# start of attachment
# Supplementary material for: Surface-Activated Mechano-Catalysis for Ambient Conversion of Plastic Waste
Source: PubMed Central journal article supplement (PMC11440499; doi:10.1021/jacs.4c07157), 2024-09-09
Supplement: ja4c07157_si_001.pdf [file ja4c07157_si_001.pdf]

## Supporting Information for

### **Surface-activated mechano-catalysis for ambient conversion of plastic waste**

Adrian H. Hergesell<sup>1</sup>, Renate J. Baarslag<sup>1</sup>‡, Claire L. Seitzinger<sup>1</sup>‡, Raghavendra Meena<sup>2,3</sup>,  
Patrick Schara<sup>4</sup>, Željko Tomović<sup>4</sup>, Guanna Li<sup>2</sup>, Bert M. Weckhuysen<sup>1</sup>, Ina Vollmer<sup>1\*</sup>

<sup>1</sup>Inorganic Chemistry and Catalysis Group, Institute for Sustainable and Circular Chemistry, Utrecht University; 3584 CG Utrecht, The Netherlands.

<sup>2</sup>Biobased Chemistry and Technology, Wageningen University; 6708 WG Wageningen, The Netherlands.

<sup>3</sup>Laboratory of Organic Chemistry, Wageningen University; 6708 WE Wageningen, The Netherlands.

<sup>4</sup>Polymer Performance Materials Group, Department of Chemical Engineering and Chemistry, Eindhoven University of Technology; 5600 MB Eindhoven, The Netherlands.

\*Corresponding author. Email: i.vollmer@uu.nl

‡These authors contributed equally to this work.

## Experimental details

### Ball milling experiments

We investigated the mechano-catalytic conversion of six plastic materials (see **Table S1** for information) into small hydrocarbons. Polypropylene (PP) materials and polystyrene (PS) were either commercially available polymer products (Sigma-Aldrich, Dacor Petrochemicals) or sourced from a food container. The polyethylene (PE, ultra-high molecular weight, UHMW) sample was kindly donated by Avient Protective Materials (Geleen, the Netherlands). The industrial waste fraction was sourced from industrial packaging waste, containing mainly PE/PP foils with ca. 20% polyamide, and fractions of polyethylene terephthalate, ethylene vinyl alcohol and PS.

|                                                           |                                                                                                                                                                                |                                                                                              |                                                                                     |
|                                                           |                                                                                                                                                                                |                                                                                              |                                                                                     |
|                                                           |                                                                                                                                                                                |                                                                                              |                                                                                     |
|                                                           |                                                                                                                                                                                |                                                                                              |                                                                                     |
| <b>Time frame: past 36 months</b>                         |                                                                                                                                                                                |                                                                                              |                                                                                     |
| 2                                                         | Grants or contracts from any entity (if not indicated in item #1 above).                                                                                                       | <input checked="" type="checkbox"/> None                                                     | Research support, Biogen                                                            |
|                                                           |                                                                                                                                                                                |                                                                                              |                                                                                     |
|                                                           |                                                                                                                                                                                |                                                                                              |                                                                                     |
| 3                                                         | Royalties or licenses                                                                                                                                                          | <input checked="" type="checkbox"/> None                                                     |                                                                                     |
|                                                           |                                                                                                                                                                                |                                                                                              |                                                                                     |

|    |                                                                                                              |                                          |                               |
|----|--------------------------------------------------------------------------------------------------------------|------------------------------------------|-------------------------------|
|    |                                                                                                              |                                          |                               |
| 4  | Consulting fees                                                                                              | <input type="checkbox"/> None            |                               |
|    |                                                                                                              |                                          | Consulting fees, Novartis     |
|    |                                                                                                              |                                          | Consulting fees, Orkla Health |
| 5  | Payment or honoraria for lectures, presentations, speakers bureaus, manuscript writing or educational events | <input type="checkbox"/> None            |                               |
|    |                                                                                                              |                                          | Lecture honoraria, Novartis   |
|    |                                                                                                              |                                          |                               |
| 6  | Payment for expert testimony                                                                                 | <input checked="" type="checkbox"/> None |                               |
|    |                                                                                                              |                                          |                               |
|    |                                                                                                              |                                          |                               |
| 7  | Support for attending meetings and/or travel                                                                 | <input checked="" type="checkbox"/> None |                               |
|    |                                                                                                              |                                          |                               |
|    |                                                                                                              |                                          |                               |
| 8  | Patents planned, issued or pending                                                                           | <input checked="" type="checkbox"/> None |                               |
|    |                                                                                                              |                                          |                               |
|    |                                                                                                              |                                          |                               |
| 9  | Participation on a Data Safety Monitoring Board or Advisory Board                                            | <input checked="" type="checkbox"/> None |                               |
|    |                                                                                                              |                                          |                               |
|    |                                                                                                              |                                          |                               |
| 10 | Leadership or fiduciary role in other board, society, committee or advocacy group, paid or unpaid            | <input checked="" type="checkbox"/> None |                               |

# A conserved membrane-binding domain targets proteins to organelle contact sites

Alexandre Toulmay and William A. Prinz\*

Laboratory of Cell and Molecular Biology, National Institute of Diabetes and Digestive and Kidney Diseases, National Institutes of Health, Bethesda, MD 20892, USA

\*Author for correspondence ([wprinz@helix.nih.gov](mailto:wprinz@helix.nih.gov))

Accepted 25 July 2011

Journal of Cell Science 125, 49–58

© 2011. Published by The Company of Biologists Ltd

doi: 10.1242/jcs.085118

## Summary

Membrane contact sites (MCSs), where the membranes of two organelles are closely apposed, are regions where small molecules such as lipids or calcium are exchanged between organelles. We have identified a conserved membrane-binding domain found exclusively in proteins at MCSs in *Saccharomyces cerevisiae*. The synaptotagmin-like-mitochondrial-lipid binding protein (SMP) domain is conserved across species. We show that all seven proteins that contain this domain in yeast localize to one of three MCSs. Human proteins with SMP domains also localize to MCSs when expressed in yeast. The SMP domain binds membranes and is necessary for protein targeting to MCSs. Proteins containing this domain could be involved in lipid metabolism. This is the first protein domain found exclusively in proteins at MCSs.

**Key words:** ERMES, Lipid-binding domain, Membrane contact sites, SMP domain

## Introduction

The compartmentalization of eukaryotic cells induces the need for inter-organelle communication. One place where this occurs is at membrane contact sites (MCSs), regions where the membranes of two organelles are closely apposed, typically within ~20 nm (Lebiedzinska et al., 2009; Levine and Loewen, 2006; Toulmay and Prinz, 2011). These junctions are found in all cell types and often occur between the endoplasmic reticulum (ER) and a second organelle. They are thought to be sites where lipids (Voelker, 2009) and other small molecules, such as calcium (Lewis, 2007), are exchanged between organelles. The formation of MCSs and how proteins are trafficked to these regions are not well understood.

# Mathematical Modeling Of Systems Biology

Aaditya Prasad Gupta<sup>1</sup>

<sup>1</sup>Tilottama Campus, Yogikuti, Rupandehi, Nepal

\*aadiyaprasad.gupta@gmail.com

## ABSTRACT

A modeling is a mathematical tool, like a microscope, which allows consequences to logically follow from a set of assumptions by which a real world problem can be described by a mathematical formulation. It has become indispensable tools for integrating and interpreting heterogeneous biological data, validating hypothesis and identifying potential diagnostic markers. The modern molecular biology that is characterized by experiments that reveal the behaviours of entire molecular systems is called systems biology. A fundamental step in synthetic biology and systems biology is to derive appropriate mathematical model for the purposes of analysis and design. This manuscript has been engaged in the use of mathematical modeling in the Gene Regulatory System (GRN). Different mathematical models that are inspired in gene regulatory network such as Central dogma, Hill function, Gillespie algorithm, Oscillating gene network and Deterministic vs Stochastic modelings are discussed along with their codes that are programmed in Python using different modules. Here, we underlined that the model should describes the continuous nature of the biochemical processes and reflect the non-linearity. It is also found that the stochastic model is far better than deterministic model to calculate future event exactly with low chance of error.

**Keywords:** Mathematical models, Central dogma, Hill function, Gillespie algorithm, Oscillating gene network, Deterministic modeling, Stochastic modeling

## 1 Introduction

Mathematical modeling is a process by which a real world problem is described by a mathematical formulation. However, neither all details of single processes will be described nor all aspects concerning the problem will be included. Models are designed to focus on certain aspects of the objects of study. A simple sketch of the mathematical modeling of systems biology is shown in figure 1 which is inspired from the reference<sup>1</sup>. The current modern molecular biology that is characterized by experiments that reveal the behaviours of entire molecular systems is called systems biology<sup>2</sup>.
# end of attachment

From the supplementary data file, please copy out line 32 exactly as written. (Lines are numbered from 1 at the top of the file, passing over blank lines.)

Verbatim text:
|    |                                                                                                              |                                          | Consulting fees, Orkla Health |